Buffalo needs to crack down on building code violators

The 500 block in the middle of downtown Buffalo is a disgrace to the residents of Buffalo and an embarrassment to everyone living in Western New York. The row of empty buildings contains hundreds of building code violations. The city, for the past 25 years, has refused to enforce the building codes on the politically connected owners of the 500 block buildings.

The 500 block building owners are mostly politically connected speculators, waiting to flip their property at a profit when the city is finally forced to deal with the problem because the Buffalo building inspectors are not enforcing the building codes. This mess will continue for years to come unless someone is willing to help.

Buffalo spends millions of dollars each year on various new projects and yet it continues to ignore the deteriorating 500 block, only blocks away from the newly renovated Convention Center. Our mayor and every city politician should be embarrassed with their inaction. The media have failed to criticize City Hall or question why city building inspectors are not doing their jobs. There must be a reason behind this inaction; someone must be responsible.

How can the city expect to complete any major project if it can't fix the 500-block embarrassment in the very middle of downtown Buffalo, only two blocks in front of City Hall? I hope that the next time people reading this letter visit downtown, they look at the 500 block and then send our mayor a letter asking for some action to resolve this embarrassment.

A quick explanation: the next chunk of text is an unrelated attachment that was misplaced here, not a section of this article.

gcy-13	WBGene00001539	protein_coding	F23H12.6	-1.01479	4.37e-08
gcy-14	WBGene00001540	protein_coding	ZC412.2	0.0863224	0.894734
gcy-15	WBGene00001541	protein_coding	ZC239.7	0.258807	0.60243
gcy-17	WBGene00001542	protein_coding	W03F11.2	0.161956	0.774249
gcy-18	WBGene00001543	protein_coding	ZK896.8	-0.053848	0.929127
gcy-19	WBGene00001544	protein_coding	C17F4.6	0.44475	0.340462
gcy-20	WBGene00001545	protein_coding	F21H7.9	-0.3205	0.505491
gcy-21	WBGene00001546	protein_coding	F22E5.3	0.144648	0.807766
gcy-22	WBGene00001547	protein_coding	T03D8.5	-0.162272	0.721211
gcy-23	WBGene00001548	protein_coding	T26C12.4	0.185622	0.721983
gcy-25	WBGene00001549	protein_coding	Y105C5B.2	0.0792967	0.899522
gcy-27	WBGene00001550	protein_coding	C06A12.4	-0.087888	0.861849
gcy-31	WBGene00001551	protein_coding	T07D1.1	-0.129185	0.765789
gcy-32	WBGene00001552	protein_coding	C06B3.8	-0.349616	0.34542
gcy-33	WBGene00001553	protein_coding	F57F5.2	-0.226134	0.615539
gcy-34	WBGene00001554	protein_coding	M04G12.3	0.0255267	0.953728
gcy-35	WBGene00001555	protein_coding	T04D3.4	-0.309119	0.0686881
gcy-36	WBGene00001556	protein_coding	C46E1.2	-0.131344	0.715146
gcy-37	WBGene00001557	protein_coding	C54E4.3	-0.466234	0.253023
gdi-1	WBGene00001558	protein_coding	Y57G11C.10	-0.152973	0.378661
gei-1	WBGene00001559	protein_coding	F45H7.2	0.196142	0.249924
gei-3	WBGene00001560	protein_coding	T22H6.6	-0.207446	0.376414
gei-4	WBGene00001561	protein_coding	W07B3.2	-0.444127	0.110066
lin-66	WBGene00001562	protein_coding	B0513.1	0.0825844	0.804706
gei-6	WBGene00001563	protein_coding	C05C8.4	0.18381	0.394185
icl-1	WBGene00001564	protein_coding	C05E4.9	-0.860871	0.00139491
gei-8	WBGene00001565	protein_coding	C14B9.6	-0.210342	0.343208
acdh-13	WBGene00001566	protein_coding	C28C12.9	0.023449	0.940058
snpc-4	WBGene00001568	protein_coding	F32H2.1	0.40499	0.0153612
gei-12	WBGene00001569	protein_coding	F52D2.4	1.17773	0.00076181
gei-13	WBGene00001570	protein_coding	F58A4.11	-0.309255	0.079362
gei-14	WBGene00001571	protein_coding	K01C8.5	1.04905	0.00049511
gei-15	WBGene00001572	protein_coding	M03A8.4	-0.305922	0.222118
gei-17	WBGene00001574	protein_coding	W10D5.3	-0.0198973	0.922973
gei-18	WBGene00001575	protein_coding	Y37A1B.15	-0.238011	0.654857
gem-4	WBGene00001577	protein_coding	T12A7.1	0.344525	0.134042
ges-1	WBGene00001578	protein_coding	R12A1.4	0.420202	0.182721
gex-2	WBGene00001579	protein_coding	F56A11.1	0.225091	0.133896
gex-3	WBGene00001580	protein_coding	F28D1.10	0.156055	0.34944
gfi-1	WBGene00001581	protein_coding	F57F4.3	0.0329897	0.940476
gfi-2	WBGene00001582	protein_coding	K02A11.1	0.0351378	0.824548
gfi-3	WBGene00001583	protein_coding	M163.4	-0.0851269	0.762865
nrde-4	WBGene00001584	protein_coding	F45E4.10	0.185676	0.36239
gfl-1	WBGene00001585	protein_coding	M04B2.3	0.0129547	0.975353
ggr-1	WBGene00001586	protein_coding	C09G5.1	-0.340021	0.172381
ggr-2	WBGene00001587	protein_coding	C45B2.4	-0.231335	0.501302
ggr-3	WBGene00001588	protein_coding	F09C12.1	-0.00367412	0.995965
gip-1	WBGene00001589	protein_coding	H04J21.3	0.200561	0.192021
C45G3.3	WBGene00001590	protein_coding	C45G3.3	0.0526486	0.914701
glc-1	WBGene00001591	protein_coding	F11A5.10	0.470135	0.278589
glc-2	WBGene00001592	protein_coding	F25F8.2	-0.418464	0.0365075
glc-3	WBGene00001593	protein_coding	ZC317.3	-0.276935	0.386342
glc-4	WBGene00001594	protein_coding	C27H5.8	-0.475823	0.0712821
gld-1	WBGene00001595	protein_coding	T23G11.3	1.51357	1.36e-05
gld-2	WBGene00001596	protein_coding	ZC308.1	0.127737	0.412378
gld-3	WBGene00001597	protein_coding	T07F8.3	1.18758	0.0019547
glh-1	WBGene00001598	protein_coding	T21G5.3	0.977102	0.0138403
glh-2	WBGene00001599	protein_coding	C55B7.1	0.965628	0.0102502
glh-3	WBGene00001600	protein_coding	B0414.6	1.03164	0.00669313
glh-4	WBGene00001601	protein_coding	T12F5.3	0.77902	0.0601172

I strongly suggest that the media invite the mayor and the owners of the vacant 500 block buildings on a personal tour. It would be great if the mayor would invite his building inspector department to join the tour.

Paul Snyder

Owner, Hyatt Regency Hotel



Avastin has helped many cancer patients

After a great, successful Race for the Cure, which brought in a million dollars for breast cancer in this area, the Food and Drug Administration advisory panel decided to end the drug Avastin for breast cancer patients. It said this drug doesn't help cancer patients, but I know one patient it has worked on and I would imagine there are others in this country that the drug has helped. My friend's wife has breast cancer and has been taking the drug, which the insurance paid for. Now they can't afford the $9,000 for the drug. Even a benefit for the family can't help pay this bill. I beg everyone who knows someone with cancer to write their congressmen and help to restore Avastin.

Anthony Speranza



Great to see good news on front page of paper

What a treat to read the front page of the July 1 Buffalo News. One piece of good news followed another. Beyond the beautiful weather forecast, I learned that the new Peace Bridge was abandoned, a measured approach to fracking is in the works, there are plenty of ways to celebrate the weekend and Sam Hoyt will be able to focus his energies on local economic development.

Anybody who has crossed the Peace Bridge more than twice would know that it is not the capacity of the bridge that is the problem, but the ability to process the traffic at the Customs checkpoints. Put the time, money and nerve into expanding that facility, resurrect the talks to do some prescreening on the Canadian side and stop the crazy talk of a new bridge.